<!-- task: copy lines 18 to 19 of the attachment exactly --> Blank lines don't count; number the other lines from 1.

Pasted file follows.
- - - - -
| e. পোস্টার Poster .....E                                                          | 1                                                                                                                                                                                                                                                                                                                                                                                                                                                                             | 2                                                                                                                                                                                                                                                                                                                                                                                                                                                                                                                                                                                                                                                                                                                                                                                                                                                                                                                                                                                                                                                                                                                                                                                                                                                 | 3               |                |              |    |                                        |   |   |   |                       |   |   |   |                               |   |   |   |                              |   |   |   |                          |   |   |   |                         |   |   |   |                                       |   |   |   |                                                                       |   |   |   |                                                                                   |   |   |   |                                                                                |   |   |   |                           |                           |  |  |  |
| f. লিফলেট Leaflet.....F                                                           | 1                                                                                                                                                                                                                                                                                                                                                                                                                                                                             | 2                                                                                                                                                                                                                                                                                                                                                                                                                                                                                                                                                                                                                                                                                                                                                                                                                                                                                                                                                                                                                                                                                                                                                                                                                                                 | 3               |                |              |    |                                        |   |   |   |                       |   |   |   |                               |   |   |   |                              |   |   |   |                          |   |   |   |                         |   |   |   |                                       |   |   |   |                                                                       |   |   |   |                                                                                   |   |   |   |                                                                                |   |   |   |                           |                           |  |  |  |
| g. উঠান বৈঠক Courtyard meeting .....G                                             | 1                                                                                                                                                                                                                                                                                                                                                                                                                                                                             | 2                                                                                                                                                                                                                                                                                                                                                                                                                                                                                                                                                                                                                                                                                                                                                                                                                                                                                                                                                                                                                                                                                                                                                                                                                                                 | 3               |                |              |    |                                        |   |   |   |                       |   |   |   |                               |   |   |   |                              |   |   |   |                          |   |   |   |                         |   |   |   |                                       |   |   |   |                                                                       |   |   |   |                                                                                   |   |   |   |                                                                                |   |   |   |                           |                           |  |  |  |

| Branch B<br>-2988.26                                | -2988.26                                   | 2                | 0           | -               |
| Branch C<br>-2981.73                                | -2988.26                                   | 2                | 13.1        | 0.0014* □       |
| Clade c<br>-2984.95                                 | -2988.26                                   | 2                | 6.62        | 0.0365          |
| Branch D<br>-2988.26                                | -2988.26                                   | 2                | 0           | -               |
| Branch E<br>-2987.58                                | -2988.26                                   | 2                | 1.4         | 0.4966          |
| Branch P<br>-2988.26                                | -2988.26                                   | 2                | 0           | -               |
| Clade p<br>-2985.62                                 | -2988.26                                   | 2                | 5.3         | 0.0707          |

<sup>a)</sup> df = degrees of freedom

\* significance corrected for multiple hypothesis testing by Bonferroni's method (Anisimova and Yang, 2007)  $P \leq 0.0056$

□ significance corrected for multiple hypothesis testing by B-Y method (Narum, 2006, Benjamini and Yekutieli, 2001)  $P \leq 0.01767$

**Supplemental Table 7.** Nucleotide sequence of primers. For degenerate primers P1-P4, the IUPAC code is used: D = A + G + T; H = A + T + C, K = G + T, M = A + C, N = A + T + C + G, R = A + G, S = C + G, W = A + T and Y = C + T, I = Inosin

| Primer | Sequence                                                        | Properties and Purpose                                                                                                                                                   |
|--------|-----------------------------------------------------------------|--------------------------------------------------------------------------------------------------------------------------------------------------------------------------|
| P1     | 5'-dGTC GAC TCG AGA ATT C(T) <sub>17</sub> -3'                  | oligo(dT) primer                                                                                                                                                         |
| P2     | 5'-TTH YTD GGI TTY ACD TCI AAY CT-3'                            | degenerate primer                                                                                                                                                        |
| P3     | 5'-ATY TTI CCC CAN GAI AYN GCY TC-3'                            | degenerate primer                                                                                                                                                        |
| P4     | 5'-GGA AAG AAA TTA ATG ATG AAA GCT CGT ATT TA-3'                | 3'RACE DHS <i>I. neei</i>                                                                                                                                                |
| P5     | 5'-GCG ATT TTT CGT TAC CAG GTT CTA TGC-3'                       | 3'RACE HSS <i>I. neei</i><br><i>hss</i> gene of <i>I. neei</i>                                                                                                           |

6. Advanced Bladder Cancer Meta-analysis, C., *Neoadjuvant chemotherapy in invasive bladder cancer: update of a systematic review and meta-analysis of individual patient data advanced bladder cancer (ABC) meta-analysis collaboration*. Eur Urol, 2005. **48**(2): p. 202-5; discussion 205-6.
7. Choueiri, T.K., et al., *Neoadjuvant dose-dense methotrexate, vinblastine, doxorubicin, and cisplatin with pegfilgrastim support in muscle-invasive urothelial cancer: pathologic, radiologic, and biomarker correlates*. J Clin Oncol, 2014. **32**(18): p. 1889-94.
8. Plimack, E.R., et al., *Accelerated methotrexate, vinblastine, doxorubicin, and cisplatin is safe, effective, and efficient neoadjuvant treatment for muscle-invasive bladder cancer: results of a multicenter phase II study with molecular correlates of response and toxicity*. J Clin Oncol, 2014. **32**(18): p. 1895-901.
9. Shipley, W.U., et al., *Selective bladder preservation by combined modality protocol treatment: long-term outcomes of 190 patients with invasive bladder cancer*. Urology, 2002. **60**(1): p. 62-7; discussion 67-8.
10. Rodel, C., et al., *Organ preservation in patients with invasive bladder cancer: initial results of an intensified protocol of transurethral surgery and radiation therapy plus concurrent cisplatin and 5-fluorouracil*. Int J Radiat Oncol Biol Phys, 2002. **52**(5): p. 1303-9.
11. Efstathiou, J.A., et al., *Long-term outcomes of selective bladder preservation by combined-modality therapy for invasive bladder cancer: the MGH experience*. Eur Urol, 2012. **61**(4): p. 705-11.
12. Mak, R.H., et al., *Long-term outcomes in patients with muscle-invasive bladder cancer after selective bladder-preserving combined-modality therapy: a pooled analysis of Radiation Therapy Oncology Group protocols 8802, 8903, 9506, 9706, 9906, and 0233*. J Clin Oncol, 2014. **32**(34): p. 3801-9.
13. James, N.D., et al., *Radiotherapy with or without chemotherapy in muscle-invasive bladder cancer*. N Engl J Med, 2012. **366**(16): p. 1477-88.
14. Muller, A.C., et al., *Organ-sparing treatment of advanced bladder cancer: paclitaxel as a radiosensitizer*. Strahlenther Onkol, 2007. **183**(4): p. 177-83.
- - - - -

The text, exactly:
| P2     | 5'-TTH YTD GGI TTY ACD TCI AAY CT-3'                            | degenerate primer                                                                                                                                                        |
| P3     | 5'-ATY TTI CCC CAN GAI AYN GCY TC-3'                            | degenerate primer                                                                                                                                                        |